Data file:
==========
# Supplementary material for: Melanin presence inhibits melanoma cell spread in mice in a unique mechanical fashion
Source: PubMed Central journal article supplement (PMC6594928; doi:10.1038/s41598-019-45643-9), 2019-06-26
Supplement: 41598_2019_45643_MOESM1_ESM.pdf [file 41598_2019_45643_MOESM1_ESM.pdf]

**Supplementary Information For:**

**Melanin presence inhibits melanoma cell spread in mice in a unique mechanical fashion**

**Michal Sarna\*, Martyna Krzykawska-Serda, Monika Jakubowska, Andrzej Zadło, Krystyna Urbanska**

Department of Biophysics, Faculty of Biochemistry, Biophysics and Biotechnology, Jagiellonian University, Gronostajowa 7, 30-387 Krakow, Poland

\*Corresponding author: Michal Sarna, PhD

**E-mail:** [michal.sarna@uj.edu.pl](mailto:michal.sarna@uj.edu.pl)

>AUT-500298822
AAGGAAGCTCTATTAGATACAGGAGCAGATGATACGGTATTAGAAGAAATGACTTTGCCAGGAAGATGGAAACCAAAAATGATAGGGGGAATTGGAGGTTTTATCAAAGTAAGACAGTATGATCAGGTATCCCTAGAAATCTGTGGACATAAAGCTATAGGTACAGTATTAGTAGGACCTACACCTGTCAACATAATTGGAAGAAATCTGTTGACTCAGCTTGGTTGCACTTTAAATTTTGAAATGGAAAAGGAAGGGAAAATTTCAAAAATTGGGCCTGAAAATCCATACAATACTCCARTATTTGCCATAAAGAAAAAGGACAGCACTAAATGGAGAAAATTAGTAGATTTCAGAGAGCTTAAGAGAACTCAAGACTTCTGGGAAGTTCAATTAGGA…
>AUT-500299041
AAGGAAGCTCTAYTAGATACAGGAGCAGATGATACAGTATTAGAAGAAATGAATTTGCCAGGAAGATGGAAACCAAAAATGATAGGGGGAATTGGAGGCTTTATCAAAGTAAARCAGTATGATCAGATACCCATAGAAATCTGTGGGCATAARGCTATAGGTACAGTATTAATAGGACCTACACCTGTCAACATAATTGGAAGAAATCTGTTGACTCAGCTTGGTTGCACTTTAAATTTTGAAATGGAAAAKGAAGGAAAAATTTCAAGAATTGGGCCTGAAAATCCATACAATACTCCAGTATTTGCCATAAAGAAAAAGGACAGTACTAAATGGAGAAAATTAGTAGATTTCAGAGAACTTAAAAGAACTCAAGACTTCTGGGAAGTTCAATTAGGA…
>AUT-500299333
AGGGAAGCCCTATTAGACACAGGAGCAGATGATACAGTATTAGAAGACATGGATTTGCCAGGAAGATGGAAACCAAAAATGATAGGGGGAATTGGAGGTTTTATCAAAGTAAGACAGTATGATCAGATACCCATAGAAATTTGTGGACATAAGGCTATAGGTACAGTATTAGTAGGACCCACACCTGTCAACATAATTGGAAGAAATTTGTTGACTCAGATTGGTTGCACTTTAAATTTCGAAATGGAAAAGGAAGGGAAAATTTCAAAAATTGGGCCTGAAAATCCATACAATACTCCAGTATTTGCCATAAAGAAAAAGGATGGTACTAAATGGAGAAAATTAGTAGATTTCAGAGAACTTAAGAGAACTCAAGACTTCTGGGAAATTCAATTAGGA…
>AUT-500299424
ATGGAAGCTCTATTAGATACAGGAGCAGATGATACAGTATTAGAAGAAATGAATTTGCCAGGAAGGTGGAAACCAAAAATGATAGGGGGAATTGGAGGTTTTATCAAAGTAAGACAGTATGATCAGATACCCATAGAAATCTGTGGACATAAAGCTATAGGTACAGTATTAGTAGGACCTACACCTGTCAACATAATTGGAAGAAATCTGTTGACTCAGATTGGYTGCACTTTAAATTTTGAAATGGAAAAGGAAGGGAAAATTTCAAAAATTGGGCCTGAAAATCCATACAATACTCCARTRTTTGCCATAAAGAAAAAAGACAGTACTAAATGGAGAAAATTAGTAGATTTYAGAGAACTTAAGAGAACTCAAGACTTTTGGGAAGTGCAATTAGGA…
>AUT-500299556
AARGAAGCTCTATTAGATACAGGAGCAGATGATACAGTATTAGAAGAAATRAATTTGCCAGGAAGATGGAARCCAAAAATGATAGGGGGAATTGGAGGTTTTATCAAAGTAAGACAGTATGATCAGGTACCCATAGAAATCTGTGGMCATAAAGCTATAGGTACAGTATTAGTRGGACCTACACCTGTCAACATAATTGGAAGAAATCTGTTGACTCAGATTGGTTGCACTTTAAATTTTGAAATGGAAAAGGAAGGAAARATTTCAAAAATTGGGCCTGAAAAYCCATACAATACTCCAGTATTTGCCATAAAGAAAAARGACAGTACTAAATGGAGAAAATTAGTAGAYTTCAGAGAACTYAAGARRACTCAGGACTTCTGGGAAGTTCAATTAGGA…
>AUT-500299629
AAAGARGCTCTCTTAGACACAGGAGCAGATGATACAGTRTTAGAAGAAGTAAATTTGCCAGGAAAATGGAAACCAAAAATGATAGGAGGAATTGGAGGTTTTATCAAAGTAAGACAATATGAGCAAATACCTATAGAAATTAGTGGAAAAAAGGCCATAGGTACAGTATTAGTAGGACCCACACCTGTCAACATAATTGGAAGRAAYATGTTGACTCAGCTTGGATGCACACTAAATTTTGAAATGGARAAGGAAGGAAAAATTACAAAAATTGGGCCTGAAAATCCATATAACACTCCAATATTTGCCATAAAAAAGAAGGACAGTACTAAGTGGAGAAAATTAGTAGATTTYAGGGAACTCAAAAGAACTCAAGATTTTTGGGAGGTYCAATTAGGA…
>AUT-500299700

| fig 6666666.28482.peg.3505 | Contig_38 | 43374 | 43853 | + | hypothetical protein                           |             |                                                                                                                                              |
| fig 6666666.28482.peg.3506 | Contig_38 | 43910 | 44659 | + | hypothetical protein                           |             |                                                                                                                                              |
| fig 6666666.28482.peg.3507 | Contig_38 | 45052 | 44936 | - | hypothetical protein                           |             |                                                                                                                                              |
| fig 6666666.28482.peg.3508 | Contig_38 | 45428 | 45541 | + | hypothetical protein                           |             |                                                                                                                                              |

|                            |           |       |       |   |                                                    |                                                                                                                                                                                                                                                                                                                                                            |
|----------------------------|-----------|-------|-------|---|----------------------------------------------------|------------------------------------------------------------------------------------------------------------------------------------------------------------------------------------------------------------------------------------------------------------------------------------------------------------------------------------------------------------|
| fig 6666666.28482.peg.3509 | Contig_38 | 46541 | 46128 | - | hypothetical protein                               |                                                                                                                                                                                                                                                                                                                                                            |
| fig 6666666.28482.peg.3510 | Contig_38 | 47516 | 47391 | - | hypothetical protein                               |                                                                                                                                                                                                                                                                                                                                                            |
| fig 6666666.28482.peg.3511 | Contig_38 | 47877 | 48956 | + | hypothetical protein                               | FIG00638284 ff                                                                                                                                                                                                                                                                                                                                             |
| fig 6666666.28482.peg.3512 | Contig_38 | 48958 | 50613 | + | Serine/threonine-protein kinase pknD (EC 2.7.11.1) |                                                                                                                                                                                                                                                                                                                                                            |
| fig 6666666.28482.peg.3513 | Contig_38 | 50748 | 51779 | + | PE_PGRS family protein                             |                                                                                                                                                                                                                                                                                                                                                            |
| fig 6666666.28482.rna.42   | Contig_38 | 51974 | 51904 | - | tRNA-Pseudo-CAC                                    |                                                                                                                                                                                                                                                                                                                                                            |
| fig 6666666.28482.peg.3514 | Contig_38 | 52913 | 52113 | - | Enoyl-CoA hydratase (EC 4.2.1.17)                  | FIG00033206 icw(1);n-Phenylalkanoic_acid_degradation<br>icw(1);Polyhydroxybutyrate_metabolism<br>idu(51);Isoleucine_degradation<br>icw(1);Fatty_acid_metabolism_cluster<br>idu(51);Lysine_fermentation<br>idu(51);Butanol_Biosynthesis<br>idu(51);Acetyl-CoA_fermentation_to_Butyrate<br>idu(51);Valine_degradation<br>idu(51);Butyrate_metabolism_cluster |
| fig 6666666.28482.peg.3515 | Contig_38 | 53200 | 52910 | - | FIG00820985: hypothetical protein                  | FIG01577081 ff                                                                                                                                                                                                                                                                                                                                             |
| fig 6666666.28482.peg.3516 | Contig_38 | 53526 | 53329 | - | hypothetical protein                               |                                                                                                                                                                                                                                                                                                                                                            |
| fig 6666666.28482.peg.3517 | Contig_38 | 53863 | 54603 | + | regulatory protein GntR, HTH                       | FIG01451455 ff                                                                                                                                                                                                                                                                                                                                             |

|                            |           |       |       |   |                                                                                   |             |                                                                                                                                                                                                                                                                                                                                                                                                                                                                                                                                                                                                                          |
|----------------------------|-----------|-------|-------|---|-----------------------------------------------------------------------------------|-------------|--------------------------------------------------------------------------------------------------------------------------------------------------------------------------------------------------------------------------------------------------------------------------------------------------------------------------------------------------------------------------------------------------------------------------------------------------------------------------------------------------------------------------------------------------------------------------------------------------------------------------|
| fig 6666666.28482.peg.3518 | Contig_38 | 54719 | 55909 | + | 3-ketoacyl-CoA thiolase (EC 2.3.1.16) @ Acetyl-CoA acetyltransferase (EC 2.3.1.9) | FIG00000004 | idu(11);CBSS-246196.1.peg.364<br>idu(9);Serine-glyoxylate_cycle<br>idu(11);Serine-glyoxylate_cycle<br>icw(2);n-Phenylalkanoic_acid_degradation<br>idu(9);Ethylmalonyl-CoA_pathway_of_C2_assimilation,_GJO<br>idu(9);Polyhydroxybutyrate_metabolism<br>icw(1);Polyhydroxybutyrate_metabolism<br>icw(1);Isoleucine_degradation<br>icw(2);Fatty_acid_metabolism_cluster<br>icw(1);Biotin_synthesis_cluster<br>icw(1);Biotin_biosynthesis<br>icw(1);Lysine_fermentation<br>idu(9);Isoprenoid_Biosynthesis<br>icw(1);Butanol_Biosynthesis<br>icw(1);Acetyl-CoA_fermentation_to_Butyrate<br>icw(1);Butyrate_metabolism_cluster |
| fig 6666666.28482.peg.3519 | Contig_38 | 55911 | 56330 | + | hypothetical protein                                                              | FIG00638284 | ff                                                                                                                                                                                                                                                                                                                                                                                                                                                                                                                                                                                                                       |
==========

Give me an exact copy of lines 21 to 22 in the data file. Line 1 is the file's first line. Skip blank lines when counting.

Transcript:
AAAGARGCTCTCTTAGACACAGGAGCAGATGATACAGTRTTAGAAGAAGTAAATTTGCCAGGAAAATGGAAACCAAAAATGATAGGAGGAATTGGAGGTTTTATCAAAGTAAGACAATATGAGCAAATACCTATAGAAATTAGTGGAAAAAAGGCCATAGGTACAGTATTAGTAGGACCCACACCTGTCAACATAATTGGAAGRAAYATGTTGACTCAGCTTGGATGCACACTAAATTTTGAAATGGARAAGGAAGGAAAAATTACAAAAATTGGGCCTGAAAATCCATATAACACTCCAATATTTGCCATAAAAAAGAAGGACAGTACTAAGTGGAGAAAATTAGTAGATTTYAGGGAACTCAAAAGAACTCAAGATTTTTGGGAGGTYCAATTAGGA…
>AUT-500299700